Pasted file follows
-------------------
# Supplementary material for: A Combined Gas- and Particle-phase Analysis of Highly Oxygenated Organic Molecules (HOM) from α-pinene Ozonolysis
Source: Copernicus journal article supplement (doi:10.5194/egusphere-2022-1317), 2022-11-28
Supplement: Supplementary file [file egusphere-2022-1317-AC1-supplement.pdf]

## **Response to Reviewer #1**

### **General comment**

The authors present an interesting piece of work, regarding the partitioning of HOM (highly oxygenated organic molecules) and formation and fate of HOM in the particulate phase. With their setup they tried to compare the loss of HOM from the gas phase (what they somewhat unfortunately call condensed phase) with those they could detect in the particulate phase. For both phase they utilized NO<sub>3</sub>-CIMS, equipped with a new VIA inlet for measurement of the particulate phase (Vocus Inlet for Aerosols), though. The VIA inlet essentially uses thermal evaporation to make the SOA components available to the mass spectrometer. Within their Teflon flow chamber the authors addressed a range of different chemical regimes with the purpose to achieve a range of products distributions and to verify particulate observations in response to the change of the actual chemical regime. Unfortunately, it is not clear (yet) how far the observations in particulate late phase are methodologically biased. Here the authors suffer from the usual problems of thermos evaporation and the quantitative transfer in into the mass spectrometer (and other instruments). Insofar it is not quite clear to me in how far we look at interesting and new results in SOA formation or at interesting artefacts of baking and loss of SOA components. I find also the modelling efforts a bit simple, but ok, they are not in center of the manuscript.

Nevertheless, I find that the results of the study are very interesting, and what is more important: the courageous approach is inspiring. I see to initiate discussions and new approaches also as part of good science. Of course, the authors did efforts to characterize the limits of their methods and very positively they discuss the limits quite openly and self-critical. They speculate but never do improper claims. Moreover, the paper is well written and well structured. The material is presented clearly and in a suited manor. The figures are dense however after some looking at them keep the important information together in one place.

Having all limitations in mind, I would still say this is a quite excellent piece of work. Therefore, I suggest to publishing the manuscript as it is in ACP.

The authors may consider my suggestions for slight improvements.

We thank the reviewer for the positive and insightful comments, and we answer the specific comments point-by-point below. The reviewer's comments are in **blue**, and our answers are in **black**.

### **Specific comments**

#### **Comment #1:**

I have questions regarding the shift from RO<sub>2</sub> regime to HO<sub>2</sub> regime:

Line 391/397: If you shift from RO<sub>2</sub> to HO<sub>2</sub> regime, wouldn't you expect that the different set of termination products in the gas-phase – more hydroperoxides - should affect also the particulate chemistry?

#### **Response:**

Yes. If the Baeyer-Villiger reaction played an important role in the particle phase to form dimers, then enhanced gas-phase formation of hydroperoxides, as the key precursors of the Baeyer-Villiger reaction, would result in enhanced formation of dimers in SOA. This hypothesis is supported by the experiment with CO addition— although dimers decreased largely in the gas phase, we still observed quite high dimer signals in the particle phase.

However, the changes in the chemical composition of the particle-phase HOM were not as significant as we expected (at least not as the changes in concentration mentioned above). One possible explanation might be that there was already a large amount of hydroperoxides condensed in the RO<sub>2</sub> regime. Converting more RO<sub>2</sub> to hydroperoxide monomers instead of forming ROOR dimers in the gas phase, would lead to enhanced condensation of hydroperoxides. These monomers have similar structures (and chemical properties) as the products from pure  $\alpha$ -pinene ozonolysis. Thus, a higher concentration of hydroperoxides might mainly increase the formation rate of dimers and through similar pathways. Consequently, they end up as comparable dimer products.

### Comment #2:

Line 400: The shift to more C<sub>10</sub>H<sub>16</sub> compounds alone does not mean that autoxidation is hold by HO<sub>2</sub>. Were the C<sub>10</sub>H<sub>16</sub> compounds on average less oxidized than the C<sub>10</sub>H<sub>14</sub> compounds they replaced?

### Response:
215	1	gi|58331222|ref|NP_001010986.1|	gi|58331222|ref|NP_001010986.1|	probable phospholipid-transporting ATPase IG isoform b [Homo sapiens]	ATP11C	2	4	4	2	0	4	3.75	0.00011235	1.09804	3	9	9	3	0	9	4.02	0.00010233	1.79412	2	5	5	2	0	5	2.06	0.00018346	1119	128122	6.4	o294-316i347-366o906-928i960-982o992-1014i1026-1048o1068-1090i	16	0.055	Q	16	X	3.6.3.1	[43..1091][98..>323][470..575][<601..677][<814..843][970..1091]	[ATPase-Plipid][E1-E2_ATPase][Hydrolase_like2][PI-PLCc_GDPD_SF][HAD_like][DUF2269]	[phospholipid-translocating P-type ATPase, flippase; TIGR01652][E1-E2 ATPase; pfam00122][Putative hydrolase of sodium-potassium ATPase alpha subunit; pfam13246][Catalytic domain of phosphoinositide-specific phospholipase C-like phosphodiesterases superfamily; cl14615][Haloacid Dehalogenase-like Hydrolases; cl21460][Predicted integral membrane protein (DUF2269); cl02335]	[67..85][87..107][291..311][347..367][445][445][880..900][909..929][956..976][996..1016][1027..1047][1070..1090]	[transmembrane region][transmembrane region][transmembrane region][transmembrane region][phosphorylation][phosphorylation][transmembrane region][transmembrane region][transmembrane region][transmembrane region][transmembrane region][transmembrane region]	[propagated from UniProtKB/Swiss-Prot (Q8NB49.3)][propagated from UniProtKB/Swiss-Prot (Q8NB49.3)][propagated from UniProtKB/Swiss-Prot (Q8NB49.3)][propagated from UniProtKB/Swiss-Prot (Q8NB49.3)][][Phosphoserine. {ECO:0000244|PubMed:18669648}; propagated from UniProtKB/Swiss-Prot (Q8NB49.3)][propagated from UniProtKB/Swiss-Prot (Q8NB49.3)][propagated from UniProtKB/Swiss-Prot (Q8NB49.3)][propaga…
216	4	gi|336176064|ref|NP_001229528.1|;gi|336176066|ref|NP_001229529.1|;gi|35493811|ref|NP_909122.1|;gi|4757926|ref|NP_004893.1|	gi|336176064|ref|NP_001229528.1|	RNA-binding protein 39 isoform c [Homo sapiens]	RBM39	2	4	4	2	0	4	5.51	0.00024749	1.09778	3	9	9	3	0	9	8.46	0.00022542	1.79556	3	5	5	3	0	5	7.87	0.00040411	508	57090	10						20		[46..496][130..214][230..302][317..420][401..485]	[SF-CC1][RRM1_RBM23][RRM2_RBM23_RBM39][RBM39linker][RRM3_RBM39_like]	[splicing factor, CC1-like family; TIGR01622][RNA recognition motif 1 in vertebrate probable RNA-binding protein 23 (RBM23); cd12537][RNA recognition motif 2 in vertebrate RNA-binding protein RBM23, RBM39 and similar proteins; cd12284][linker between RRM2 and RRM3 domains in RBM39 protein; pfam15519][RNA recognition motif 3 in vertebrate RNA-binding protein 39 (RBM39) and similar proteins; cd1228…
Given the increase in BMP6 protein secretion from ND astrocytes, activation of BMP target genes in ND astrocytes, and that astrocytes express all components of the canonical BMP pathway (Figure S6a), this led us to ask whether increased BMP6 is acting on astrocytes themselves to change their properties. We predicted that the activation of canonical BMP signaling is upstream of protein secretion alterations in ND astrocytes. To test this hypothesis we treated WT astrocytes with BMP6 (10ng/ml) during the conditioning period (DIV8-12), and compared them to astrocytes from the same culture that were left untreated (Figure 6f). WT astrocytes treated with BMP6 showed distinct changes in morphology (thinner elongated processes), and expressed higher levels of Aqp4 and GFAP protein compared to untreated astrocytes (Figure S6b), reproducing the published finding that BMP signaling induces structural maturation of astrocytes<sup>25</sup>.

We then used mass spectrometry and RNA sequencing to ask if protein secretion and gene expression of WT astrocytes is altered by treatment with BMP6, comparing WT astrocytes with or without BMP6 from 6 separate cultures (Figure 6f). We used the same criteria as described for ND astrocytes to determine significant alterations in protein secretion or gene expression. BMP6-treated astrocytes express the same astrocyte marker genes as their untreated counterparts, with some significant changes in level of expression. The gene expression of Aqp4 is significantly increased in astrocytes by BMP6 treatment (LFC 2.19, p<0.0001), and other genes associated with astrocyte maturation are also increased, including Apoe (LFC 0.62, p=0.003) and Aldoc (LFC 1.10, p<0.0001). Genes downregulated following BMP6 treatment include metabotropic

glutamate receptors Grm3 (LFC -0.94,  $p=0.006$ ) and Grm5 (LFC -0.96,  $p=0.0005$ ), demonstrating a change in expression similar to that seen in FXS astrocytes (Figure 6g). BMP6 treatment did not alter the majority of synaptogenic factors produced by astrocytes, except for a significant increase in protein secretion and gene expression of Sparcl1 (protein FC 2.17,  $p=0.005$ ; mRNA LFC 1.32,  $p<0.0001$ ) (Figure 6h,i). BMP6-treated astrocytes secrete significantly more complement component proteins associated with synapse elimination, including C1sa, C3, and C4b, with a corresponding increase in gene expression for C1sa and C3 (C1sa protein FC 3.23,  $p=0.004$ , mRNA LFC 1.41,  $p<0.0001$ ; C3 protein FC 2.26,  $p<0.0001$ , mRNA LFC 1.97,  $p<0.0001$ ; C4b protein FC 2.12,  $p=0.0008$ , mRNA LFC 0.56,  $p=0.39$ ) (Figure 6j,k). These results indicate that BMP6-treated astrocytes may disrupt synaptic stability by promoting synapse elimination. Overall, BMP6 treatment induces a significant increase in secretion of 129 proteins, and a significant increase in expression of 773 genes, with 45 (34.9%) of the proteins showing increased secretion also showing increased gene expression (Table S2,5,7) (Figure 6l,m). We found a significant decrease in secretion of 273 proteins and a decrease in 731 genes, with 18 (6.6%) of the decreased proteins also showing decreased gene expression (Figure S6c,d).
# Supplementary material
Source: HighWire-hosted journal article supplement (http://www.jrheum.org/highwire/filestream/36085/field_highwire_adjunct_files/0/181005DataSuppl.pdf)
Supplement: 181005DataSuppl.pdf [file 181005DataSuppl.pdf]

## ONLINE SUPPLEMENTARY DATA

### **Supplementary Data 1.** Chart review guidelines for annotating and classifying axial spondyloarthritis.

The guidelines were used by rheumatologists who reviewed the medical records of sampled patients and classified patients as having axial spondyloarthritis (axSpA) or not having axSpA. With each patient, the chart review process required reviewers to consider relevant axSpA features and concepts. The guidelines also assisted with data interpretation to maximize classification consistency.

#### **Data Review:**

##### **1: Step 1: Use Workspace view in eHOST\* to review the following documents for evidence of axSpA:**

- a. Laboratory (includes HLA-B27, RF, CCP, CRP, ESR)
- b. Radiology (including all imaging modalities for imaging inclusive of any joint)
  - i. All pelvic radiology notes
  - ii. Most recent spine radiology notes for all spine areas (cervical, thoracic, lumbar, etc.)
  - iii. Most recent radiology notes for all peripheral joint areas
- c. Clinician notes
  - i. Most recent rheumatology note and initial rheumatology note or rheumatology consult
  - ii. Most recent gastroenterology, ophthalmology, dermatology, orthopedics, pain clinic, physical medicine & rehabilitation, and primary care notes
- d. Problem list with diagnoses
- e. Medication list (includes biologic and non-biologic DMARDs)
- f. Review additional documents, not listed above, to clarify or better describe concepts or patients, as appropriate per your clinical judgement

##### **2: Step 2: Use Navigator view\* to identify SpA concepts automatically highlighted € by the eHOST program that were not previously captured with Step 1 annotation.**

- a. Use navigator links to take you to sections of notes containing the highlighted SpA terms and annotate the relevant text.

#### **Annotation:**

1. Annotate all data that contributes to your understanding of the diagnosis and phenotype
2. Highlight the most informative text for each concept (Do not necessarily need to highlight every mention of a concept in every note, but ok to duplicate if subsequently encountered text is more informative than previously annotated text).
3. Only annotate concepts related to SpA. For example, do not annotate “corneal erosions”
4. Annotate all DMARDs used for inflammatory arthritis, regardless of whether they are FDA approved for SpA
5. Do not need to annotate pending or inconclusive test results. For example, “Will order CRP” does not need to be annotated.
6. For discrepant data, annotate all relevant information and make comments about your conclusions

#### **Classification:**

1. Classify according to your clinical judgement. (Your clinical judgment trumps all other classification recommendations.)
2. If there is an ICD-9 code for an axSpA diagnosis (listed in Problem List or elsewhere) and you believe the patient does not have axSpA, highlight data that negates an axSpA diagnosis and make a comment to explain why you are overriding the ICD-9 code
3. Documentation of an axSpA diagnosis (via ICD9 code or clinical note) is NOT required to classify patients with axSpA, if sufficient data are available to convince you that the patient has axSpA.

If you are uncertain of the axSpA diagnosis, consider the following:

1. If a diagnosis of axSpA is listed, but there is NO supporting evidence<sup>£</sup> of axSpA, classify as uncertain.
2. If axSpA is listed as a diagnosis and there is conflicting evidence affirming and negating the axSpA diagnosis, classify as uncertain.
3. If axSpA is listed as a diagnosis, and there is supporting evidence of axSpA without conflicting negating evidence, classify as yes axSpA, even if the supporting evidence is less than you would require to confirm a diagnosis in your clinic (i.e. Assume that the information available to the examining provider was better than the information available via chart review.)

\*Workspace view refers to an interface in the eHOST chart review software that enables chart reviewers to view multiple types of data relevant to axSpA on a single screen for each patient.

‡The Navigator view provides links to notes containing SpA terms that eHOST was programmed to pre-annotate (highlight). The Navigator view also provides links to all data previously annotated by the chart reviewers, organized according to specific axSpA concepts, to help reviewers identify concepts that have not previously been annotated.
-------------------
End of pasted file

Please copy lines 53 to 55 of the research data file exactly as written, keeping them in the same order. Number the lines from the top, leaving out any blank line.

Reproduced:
6. For discrepant data, annotate all relevant information and make comments about your conclusions

#### **Classification:**

1. Classify according to your clinical judgement. (Your clinical judgment trumps all other classification recommendations.)